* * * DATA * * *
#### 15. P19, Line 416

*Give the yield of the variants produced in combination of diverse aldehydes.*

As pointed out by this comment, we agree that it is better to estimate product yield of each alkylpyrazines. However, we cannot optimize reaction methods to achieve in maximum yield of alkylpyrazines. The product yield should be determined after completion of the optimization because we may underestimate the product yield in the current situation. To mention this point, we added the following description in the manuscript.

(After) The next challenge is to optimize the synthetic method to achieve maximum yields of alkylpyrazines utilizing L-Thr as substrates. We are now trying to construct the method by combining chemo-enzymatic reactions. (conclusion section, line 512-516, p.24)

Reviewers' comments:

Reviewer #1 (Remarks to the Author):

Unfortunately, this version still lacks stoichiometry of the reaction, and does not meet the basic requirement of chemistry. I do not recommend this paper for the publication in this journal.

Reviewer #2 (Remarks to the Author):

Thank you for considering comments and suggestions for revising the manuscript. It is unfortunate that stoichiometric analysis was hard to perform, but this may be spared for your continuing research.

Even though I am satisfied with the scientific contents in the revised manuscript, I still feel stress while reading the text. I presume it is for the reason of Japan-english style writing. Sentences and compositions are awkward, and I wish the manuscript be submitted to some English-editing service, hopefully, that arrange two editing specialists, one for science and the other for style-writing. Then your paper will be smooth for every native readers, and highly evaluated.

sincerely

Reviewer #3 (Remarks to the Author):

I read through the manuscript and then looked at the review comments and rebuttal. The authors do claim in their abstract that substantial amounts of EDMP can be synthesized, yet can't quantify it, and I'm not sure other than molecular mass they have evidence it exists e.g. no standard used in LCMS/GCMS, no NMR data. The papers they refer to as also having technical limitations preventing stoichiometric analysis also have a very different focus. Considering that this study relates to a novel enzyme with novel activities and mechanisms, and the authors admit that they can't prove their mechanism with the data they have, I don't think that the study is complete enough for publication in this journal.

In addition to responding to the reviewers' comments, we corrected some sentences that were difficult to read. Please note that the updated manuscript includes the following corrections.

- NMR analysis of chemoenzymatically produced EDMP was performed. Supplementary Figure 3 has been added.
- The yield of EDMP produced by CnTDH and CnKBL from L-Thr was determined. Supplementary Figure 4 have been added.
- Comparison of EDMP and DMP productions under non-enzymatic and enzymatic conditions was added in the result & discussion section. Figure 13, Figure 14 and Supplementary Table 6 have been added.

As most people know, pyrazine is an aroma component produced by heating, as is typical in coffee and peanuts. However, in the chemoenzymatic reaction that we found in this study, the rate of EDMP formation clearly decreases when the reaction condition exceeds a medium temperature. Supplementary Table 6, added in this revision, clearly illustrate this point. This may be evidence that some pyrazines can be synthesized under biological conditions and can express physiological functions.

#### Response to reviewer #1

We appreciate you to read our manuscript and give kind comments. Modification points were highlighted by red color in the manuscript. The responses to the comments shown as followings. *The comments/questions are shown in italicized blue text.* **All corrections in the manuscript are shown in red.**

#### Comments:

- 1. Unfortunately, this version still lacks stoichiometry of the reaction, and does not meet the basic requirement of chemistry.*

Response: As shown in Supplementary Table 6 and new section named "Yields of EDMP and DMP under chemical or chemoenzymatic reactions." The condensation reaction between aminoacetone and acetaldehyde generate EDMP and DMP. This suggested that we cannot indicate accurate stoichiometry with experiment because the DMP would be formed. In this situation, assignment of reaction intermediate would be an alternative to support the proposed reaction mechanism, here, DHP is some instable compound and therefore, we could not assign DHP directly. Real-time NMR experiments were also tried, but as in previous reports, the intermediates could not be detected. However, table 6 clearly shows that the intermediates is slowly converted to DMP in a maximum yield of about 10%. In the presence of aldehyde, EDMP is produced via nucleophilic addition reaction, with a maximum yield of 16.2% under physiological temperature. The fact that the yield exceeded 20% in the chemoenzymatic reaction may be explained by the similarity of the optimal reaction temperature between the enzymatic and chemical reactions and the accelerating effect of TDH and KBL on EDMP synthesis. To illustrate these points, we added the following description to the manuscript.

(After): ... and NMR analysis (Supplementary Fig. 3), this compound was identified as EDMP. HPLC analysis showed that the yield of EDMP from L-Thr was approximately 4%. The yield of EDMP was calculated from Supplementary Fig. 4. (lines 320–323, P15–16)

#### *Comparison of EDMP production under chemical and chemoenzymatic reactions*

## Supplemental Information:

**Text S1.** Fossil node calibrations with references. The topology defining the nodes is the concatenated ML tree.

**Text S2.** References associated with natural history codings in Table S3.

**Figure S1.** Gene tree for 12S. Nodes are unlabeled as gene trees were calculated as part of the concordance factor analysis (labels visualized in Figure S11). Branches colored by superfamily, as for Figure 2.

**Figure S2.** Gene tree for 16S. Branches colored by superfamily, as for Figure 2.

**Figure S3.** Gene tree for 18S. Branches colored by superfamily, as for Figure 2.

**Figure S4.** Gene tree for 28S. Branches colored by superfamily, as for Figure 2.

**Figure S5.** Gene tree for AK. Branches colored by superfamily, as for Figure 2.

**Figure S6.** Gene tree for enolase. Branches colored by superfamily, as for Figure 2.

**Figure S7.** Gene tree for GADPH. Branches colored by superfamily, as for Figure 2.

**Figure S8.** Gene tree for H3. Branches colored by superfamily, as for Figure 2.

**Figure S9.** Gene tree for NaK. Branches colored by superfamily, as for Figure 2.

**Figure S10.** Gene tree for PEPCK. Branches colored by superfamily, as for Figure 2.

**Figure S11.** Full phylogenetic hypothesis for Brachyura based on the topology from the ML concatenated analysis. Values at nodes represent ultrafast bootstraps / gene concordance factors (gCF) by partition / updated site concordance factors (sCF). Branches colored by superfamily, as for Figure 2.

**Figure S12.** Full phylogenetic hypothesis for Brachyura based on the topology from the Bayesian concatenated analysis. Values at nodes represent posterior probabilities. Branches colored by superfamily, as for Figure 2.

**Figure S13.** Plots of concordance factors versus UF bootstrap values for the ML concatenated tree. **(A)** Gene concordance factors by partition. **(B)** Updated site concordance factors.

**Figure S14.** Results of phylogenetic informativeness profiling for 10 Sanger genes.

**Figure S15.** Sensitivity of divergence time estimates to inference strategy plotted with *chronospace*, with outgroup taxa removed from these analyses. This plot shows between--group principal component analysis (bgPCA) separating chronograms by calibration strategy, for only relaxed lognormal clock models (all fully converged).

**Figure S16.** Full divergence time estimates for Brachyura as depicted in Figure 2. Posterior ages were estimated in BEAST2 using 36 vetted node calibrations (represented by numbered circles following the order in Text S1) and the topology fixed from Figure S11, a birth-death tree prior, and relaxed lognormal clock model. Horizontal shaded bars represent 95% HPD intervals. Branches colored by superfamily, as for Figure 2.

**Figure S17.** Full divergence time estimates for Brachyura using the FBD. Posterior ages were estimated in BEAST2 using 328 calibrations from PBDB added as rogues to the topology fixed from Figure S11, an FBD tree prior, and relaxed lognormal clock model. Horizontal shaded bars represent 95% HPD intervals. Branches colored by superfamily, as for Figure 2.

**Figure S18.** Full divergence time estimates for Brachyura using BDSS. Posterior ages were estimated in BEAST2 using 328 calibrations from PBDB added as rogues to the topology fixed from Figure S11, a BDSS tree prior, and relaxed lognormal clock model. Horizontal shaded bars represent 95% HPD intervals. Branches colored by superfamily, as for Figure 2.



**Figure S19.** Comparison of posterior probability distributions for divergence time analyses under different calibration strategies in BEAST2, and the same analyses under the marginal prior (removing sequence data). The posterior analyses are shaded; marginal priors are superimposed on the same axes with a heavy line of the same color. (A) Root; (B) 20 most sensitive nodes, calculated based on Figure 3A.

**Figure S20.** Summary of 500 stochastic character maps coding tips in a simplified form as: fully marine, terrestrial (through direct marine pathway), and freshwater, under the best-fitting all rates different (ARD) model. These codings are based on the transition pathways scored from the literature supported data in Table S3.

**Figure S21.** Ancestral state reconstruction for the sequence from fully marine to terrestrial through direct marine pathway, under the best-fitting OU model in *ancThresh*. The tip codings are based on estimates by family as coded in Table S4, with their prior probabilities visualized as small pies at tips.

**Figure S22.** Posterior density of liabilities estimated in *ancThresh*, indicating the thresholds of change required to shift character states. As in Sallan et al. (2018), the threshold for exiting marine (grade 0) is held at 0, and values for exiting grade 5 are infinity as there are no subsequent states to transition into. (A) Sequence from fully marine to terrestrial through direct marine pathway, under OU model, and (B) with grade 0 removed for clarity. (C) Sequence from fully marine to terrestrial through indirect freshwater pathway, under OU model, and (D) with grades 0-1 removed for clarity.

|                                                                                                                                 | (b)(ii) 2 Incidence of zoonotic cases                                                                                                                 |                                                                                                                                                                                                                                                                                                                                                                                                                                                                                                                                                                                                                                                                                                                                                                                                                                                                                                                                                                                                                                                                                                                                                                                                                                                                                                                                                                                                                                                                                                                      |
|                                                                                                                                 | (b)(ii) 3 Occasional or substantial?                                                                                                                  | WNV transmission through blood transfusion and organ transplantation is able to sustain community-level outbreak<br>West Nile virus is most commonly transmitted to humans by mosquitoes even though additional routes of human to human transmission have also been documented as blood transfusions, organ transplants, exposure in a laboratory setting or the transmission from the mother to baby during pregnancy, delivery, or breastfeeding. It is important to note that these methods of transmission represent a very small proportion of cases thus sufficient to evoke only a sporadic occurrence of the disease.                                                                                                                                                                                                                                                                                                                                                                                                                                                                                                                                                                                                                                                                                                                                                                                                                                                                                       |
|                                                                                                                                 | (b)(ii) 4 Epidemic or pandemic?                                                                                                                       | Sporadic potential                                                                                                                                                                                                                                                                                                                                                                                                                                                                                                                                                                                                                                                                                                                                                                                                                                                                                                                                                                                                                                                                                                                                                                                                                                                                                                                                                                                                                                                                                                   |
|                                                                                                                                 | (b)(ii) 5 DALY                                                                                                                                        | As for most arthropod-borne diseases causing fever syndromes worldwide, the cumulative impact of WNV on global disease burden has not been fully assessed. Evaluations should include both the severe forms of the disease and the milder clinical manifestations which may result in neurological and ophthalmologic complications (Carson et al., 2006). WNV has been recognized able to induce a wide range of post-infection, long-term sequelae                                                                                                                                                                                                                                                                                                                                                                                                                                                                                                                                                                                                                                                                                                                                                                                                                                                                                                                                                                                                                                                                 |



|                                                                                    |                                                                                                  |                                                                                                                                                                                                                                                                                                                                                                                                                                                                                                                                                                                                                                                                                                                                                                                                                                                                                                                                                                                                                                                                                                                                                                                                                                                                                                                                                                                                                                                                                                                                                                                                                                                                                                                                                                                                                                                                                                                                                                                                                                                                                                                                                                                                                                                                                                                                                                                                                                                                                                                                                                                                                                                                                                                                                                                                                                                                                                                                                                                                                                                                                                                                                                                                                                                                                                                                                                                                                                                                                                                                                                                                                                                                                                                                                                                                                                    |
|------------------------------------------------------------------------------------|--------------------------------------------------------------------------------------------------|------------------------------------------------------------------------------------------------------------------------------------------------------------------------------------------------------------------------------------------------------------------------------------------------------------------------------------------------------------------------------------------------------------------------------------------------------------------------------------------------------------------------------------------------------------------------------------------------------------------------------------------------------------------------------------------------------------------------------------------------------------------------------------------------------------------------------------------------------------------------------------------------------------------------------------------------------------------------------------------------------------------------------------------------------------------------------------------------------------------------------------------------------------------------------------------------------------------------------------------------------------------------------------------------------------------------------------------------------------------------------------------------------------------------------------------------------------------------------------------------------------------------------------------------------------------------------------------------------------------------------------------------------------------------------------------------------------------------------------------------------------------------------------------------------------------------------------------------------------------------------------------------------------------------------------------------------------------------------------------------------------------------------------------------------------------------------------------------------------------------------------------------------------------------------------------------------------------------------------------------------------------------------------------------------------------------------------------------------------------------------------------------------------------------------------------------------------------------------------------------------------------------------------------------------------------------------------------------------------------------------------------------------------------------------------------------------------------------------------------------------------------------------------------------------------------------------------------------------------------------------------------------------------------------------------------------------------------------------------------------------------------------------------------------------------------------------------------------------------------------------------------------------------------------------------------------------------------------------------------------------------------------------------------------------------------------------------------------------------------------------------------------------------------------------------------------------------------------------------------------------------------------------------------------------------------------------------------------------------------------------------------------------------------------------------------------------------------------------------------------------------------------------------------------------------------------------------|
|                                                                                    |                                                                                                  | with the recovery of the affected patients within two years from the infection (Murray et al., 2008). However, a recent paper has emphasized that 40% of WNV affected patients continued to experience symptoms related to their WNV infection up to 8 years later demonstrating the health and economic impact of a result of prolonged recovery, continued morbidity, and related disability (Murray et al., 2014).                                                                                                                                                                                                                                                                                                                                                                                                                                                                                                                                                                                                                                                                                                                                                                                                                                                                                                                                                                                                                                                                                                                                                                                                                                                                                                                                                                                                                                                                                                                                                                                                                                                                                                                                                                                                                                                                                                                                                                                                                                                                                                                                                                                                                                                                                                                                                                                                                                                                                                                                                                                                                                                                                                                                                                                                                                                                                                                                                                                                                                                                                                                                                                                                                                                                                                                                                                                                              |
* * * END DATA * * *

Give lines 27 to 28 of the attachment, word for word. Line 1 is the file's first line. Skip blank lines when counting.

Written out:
**Text S1.** Fossil node calibrations with references. The topology defining the nodes is the concatenated ML tree.

**Text S2.** References associated with natural history codings in Table S3.